(4)

TCID50 (50% tissue culture infectious dose) is the point at which 50% of the cells are infected.

(5)

Caution is warranted as there is no assurance that antimicrobial efficacy toward inactivation or survivability with respect to any particular bacteria can be directly translated into inactivation capabilities with respect to viruses, specifically COVID-19, where data are limited at the time of this publication.

ACKNOWLEDGMENTS

The author gratefully acknowledges an extensive search of the literature by the UVA library system, in particular Mr. Jeremy Garritano, for publications regarding copper-induced antimicrobial properties toward COVID-19 available during the time period from March 25 to April 15, 2020. The support of the Managing Editor in Chief of CORROSION, Ms. Sammy Miles, to enable manuscript preparation is also greatly acknowledged.

References

References
1.
“Naming the coronavirus disease (COVID-19) and the virus that causes it,” World Health Organization
, https://www.who.int/emergencies/diseases/novel-coronavirus-2019/technical-guidance/naming-the-coronavirus-disease-(covid-2019)-and-the-virus-that-causes-it (
April 16
,
2020
).
2.
“COVID-19 Case Tracker,”
John Hopkins University & Medicine
, https://coronavirus.jhu.edu/ (
April 16
,
2020
).
3.
“Q&A on Coronaviruses (COVID-19),” World Health Organization
, https://www.who.int/news-room/q-a-detail/q-a-coronaviruses (
April 16
,
2020
).
4.
S.D.
Judson
,
V.J.
Munster
,
Viruses
11
,
10
(
2019
):
article 940
.
5.
M.
Ronnqvist
,
L.
Maunula
,
Future Virology
11
,
3
(
2016
):
p
.
207
217
.
6.
X.
Xie
,
Y.
Li
,
A.T.Y.
Chwang
,
P.L.
Ho
,
W.H.
Seto
,
Indoor Air
17
(
2007
):
p
.
211
225
.
7.
N.
van Doremalen
,
T.
Bushmaker
,
D.H.
Morris
,
M.G.
Holbrook
,
A.
Gamble
,
B.N.
Williamson
,
A.
Tamin
,
J.L.
Harcourt
,
N.J.
Thornburg
,
S.I.
Gerber
,
J.O.
Lloyd-Smith
,
E.
de Wit
,
V.J.
Munster
,
“Aerosol and Surface Stability of SARS-CoV-2 as Compared with SARS-CoV-1,”
New England J. Medicine
,
March 17, 2020
, http://dx.doi.org/10.1056/NEJMc2004973 (
April 16
,
2020
).
8.
G.
Kampf
,
D.
Todt
,
S.
Pfaender
,
E.
Steinmann
,
J. Hospital Infection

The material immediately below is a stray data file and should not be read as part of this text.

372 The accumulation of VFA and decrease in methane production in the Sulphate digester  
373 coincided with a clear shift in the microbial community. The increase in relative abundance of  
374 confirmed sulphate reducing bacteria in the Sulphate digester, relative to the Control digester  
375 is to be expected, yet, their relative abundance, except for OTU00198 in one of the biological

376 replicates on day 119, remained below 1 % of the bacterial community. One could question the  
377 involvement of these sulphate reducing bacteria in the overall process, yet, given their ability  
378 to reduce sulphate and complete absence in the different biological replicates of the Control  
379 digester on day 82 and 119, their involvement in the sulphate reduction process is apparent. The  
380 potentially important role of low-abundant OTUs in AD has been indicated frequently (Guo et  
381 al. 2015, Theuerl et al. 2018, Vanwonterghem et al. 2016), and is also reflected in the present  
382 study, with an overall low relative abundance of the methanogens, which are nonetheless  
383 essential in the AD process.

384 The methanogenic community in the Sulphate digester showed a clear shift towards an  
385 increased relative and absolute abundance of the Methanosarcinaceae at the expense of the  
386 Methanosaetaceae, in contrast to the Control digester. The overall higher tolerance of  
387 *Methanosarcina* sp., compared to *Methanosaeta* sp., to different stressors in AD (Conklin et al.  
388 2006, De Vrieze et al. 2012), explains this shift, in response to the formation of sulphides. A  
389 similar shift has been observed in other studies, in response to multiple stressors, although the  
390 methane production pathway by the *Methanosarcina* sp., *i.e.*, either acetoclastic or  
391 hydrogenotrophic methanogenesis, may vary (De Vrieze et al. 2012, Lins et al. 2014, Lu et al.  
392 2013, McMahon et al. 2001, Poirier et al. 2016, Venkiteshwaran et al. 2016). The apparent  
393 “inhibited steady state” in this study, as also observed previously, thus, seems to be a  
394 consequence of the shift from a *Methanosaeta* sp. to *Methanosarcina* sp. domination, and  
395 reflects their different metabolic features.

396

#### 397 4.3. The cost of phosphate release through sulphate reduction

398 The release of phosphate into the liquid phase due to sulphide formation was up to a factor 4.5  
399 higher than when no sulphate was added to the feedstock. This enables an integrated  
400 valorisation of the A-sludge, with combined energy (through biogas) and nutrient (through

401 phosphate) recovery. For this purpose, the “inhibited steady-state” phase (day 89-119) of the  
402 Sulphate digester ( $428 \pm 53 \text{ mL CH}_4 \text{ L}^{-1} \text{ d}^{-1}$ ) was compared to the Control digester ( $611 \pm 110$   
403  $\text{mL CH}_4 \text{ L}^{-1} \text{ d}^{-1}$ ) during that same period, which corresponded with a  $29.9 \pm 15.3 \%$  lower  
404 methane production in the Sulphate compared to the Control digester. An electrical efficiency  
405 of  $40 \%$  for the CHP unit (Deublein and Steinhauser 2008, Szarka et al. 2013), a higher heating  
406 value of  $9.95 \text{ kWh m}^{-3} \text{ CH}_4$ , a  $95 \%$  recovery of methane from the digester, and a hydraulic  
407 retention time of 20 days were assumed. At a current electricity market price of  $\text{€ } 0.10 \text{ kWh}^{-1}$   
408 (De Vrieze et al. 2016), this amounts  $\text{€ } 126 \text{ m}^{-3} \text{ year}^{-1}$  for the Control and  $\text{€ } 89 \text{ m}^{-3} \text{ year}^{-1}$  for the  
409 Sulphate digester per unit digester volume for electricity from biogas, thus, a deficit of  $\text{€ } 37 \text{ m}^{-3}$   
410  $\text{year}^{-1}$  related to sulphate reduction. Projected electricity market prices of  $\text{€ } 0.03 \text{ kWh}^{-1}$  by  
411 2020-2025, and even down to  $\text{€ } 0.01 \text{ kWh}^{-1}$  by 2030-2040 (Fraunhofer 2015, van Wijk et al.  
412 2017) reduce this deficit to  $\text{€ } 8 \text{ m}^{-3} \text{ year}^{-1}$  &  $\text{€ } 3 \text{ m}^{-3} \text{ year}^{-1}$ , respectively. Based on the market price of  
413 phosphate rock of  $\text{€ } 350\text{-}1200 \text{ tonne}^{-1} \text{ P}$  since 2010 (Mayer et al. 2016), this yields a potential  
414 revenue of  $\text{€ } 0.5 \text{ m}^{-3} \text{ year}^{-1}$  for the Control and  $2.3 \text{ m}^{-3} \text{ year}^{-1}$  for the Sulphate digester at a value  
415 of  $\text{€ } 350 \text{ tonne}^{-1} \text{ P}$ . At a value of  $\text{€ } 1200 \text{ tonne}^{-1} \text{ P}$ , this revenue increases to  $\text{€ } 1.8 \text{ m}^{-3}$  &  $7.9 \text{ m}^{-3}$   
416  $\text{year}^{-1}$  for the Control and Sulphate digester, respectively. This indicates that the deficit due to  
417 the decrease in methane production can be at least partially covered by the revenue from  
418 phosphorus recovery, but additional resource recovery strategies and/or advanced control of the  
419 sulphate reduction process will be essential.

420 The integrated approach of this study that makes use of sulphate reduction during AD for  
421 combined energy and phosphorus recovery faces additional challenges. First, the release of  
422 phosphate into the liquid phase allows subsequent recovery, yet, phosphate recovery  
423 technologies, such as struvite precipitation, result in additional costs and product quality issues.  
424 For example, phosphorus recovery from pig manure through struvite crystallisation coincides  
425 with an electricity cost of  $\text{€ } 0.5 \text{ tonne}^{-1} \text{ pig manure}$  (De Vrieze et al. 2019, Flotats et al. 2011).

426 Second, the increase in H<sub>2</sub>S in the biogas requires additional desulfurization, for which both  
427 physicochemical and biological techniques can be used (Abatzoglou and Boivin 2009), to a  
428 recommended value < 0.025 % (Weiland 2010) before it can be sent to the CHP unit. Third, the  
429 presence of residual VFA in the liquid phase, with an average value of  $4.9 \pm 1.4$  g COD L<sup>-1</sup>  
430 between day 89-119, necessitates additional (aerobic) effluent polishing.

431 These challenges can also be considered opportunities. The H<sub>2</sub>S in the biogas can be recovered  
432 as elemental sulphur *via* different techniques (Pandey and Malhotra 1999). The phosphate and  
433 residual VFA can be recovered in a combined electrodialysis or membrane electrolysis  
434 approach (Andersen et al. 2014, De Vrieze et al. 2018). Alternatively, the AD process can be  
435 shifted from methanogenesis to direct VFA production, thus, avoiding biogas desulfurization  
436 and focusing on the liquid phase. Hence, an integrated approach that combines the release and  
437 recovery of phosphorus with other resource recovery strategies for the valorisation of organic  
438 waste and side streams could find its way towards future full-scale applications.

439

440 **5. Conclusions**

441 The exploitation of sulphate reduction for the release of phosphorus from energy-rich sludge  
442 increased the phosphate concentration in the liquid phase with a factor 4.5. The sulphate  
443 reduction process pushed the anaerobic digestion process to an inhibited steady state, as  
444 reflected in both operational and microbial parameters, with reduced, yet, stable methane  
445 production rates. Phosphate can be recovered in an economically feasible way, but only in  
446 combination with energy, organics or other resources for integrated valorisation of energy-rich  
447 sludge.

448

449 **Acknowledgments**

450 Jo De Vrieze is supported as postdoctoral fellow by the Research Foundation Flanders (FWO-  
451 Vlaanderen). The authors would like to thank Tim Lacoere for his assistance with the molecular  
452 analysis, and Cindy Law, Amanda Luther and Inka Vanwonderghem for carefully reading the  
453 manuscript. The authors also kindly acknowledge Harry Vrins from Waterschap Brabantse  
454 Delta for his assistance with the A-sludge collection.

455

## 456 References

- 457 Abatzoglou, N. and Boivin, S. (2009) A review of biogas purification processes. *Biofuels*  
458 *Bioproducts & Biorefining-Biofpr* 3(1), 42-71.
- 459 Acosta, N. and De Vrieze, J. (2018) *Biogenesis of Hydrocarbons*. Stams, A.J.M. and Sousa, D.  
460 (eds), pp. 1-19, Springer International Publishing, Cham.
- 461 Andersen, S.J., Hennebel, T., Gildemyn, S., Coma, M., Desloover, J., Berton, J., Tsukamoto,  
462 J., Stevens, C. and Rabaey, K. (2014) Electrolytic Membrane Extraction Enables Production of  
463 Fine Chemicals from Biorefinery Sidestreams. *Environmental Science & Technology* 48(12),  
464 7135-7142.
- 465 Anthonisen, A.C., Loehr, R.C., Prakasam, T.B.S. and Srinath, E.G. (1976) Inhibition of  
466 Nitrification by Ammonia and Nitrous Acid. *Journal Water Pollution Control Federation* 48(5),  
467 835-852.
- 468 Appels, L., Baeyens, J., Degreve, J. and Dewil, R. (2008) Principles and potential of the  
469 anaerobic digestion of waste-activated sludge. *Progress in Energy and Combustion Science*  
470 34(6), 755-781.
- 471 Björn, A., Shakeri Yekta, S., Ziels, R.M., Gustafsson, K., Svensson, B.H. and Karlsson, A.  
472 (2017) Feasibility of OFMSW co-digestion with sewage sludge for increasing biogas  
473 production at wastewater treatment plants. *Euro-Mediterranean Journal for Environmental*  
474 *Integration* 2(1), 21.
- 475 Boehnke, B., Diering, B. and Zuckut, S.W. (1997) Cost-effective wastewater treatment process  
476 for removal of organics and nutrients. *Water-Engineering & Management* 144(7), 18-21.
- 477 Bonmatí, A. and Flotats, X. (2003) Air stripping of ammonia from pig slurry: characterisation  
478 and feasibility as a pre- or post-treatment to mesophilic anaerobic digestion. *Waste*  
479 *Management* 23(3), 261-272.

104
,
3
(
2020
):
p
.
246
251
.
9.
S.L.
Warnes
,
Z.R.
Little
,
C.W.
Keevil
,
mBio
6
,
6
(
2015
):
article e01697-15
.
10.
M.
Nicas
,
D.
Best
,
J. Occupational Environ. Hygiene
5
(
2008
):
p
.
347
352
.
11.
Y.L.A.
Kwok
,
J.
Gralton
,
M.-L.
McLaws
,
Am. J. Infect. Control
43
,
2
(
2015
):
p
.
112
114
.
12.
“Cleaning and Disinfection for Households,” Center for Disease Control and Prevention
,
March 26, 2020
, https://www.cdc.gov/coronavirus/2019-ncov/prevent-getting-sick/cleaning-disinfection.html (
April 16
,
2020
).
13.
H.T.
Michels
,
C.A.
Michels
,
Current Trends Microbio.
10
(
2016
):
p
.
23
45
.
14.
J.
Morrison
,
“Copper’s Virus-Killing Powers Were Known Even to the Ancients,”
Smithsonian Magazine
,
April 14, 2020
, https://www.smithsonianmag.com/science-nature/copper-virus-kill-180974655/ (
April 16
,
2020
).
15.
P.
Airey
,
J.
Verran
,
J. Hospital Infection
67
,
3
(
2007
):
p
.
271
277
.
16.
Y.
Fujimori
,
T.
Sato
,
T
Hayata
,
T.
Nagao
,
M.
Nakayama
,
T.
Nakayama
,
T.
Sugamata
,
K.
Suzuki
,
Appl. Environ. Microbiol.
78
,
4
(
2012
):
p
.
951
955
.
17.
J.-L.
Sagripanti
,
L.B.
Rouston
,
C.D.
Lytle
,
Appl. Environ. Microbio.
59
,
12
(
1993
):
p
.
4374
4376
.
18.
L.L.
Foster
,
J.R.
Scully
,
Corrosion
72
(
2016
):
p
.
1095
1106
.
19.
Y.-S.E.
Lin
,
R.D.
Vidic
,
J.E.
Stout
,
V.L.
Yu
,
Water Res.
30
(
1996
):
p
.
1905
1913
.
20.
C.
Molteni
,
H.K.
Abicht
,
M.
Solioz
,
Appl. Environ. Microbiol.
76
(
2010
):
p
.
4099
4101
.
21.
L.L.
Foster
,
M.
Hutchison
,
J.R.
Scully
,
Corrosion
72
(
2016
):
p
.
51
65
.
22.
J.L.
Clement
,
P.S.
Jarrett
,
Metal-Based Drugs
1
(
1994
):
p
.
467
482
.
23.
M.
Cho
,
H.
Chung
,
W.
Choi
,
J.
Yoon
,
Water Res.
38
,
4
(
2004
):
p
.
1069
1077
.
24.
M.
Cho
,
H.
Chung
,
W.
Choi
,
J.
Yoon
,
Appl. Environ. Microbio.
71
,
1
(
2005
):
p
.
270
275
.
25.
“Copper, Pathogens and Disease,” Copper Development Association
, https://copperalliance.org.uk/knowledge-base/education/education-resources/copper-pathogens-disease/ (
April 16
,
2020
).
26.
J.M.
Bingeman
,
J.P.
Bethell
,
P.
Goodwin
,
A.T.
Mack
,
Int. J. Naut. Archaeol.
29
,
2
(
2000
):
p
.
218
229
.
27.
M.J.
Hutchison
,
P.
Zhou
,
K.
Ogle
,
J.R.
Scully
,
Electrochim. Acta
241
,
1
(
2017
):
p
.
73
88
.
28.
D.J.
Horton
,
H.
Ha
,
L.L.
Foster
,
H.J.
Bindig
,
J.R.
Scully
,
Electrochim. Acta
169
(
2015
):
p
.
351
366
.
29.
M.
Pourbaix
,
Atlas of Electrochemical Equilibria in Aqueous Solutions
(
Houston, TX
:
NACE International
,
1974
).
30.
J.F.
Dante
,
R.G.
Kelly
,
J. Electrochem. Soc.
140
,
7
(
1993
):
p
.
1890
.
31.
I.S.
Cole
,
W.D.
Ganther
,
J.D.
Sinclair
,
D.
Lau
,
D.A.
Paterson
,
J. Electrochem. Soc.
151
(
2004
):
p
.
B267
.
32.
I.S.
Cole
,
D.A.
Paterson
,
W.D.
Ganther
,
Corros. Eng. Sci. Technol.
38
,
2
(
2003
):
p
.
129
134
.
33.
I.S.
Cole
,
D.A.
Paterson
,
Corros. Eng. Sci. Technol.
39
,
2
(
2004
):
p
.
125
130
.
34.
N.
van Doremalen
,
T.
Bushmaker
,
D.H.
Morris
,
M.G.
Holbrook
,
A.
Gamble
,
B.N.
Williamson
,
A.
Tamin
,
J.L.
Harcourt
,
N.J.
Thornburg
,
S.I.
Gerber
,
J.O.
Lloyd-Smith
,
E.
de Wit
,
V.J.
Munster
,
“Aerosol and Surface Stability of HCoV-19 (SARS-CoV-2) Compared to SARS-CoV-1,”
medRxiv 2020.03.09.20033217 version 1
, https://doi.org/10.1101/2020.03.09.20033217.
35.
M.
Schumacher
,
Seawater Corrosion Handbook
(
Park Ridge, NJ
:
Noyes Data Corp.
,
1979
).